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Now, no doubt, you will have heard the cliche that social media is a marathon not a sprint. And like most cliches, it is based on a deep truth – you cannot build a relationship with anyone – a customer, a friend, a partner or supplier – without investing in that relationship over time.

And it is with this in mind that I would encourage you to step out from behind your own magic mirror. Read some of the tweets that are sent your way. Read them out loud. To your teams. Think about the impacts that they make. Is there a truth? Or are there always going to be haters?

Take a look at the way celebrities respond to some of the nasty tweets sent their way. Notice how, when spoken aloud, some of the nasty tweets lose their impact?

Reading the mean tweets will prepare you for what will follow. For no matter how many white horses you ride, one day you’re going to eat an apple meant for someone else. It’s time to end the fairytale, but with some work, a decent strategy and a bit of luck, you may just reach your happily ever after.

THE END

It’s Not Charity: It’s Social Enterprise-investing in the future

It's not charity, it's social enterprise

When I give money to charity, I look closely at the aims of the organisation. I listen to the story and look for the downstream impact. And I look at the finances. I am keen to know how much of the money that is donated goes to programs and how much goes to administration.

Over the years my giving has changed. I noticed that I became more focused on this programs/administration split. I would stop supporting organisations as the admin component grew. In frustration, I eventually shifted my entire focus away from larger organisations to Kiva and to Vibewire – a youth arts and media not-for-profit. Through Kiva I have funded almost 100 loans now and continuously roll them over – I see them less as charity and more as social enterprise. In fact, that is what they are.

The same can be said for Vibewire which is entirely focused on providing a launchpad for young change makers.

But through my work with Vibewire, where I also serve as President, I have also learned about the need for administrative – or core – funding. Sure it is important to support programs and to impact individuals, but not-for-profits run on passion, enthusiasm and commitment. The money simply keeps the doors open. In general, NFPs stretch every last cent out of their available funds. On the surface, this is great. But in doing so, they find themselves with very little capacity to innovate.

As a result, the impact of change is more like a ripple than a tidal wave.

And yet, when we give to charity, we want and EXPECT to see that massive, transformational change. As Dan Palotta explains in the video below, charities are rewarded for how little they spend, rather than on the results that they achieve. Surely this should be the other way around.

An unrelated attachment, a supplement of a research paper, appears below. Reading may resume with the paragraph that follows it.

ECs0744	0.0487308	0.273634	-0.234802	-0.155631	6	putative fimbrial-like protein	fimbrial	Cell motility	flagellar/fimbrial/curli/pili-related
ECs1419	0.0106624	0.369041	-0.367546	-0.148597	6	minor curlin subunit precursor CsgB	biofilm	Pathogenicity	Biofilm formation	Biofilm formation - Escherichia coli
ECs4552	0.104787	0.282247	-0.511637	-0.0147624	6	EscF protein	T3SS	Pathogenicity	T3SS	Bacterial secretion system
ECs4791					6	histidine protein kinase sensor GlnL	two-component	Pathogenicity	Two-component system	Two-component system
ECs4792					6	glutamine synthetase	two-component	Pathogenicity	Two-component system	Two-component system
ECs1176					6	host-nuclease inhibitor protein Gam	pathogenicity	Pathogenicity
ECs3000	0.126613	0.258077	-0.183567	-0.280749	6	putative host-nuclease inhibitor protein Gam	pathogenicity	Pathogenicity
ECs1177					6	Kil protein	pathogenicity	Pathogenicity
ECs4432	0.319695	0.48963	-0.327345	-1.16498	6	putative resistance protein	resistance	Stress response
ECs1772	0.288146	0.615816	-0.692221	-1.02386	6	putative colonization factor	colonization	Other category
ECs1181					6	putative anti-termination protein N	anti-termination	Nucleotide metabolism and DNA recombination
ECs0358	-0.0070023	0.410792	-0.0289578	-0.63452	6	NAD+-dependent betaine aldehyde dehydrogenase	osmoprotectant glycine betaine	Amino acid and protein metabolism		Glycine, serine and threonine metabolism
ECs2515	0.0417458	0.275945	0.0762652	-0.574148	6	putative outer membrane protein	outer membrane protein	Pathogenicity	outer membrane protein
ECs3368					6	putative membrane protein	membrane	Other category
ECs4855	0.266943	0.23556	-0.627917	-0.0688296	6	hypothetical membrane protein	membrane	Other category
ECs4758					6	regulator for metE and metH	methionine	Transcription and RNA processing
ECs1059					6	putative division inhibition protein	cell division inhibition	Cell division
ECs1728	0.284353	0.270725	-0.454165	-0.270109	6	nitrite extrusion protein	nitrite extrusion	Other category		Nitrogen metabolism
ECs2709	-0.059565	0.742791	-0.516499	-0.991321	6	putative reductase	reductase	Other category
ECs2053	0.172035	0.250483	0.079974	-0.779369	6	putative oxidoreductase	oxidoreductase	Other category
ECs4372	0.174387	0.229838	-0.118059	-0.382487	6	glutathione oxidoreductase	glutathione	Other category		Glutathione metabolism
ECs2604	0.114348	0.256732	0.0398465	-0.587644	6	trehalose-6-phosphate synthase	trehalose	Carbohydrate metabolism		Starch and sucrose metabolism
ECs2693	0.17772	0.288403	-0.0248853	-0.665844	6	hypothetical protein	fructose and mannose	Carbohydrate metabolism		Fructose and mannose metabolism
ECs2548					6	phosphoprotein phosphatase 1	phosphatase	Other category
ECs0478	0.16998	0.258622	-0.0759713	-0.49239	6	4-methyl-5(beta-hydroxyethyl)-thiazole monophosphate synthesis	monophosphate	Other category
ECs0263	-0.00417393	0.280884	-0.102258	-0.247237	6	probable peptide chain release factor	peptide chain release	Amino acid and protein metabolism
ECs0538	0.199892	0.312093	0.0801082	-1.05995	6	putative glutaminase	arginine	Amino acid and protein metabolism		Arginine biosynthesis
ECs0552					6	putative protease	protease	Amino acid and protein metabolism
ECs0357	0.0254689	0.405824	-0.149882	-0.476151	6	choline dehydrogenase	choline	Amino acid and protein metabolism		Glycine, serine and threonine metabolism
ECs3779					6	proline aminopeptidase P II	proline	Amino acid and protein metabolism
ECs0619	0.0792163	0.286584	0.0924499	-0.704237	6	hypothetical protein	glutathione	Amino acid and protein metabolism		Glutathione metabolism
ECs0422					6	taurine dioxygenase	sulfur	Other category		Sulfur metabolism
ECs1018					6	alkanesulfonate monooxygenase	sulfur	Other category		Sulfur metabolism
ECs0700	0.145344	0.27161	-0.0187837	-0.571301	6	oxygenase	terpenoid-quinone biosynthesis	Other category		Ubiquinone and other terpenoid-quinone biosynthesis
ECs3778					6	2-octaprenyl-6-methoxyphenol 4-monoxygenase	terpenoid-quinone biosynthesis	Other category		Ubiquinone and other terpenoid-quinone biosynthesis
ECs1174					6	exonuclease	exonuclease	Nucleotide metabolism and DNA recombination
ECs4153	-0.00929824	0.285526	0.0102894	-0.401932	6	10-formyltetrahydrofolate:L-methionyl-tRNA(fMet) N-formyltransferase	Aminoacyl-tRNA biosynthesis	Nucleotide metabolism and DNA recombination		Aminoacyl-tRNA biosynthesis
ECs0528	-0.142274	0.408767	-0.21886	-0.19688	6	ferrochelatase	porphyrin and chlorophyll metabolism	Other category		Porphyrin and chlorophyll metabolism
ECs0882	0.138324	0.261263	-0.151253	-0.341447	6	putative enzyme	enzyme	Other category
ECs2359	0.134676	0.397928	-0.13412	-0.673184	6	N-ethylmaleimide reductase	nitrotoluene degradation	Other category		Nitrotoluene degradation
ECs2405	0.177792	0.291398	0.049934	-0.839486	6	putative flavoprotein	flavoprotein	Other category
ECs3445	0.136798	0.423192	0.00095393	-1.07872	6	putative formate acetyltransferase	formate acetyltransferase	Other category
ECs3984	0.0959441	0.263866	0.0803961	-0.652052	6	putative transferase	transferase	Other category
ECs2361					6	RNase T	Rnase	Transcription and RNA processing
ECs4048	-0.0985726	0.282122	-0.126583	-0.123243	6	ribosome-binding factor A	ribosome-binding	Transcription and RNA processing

So next time you are giving to charity, think about your actions and expectations. What happens when you think of your giving not as a GIFT but as an INVESTMENT in the future?

That’s the way I think of Vibewire (which is easier since it works specifically with young people). See what happens when you change the way you think about charity. What impact do you want to see and how can you make it happen – beyond the transaction of donating/giving? Take an additional step. Contribute skills. Expertise. Get involved. After all, it’s your future too.

Yammer’s Community Management Playbook

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As a boy I can remember my Nanna holding court at a friend’s house. We were sitting at a 50s laminex kitchen table (you know the kind with the fake marbling and the shiny metal edging) and there were copious cups of tea, home made cakes, scones and biscuits carefully laid out. But no one was eating. The conversation was coming thick and fast – with this coterie of grandmothers exchanging tips, sharing stories and laughing at each others’ family stories. It was a community gathering firmly held together by the will of these formidable women.

Even as a child I could sense the power of connection that was taking place. I could feel the energy. And I knew, almost instinctively, that there were rules to be followed.

Many years later, when I began to get involved in corporate “communities of practice”, I noticed many of these same rules applied. Well, not necessarily applied – but were vital for the health of a community.

With the massive shift to digital and social media, online communities – and community management – has emerged as a discipline in its own right. And while it is largely viewed by business as a “fluffy” or “touchy feely” role, organisations such as Yammerare connecting communities to hard numbers and strategic outcomes. In many cases, having an active and engaged community manager is becoming a strategic advantage.

But for those organisations who remain skeptical of the business benefit of social media, concepts such as community management can feel as removed from business reality as fairy stories. This is where the Yammer Community Management Playbook comes in handy. It’s a step by step primer on the establishment and maintenance of communities. Take a read. It may just save the future of your business.

 

Report – CMOs: Time to Re-Cast the Marketing Funnel

It is often said that companies only have two functions – marketing and innovation. Despite this, most corporate marketing practices are based on century old theories and frameworks that no longer adequately accommodate the complexities faced by today's CMO. Rather than the inside-out view offered by the traditional marketing funnel, marketers need to develop a view of the customer journey that takes into account the challenges and opportunities presented by digital and social technologies.

To be released tomorrow this "big picture" report provides an outside-in view of the “connected customer” and key stages in next generation customer experience. The report provides a vital framework for marketing leaders seeking to move from a transactional relationship with their customers to one based on what I am calling the “5 Ds of Customer Engagement”.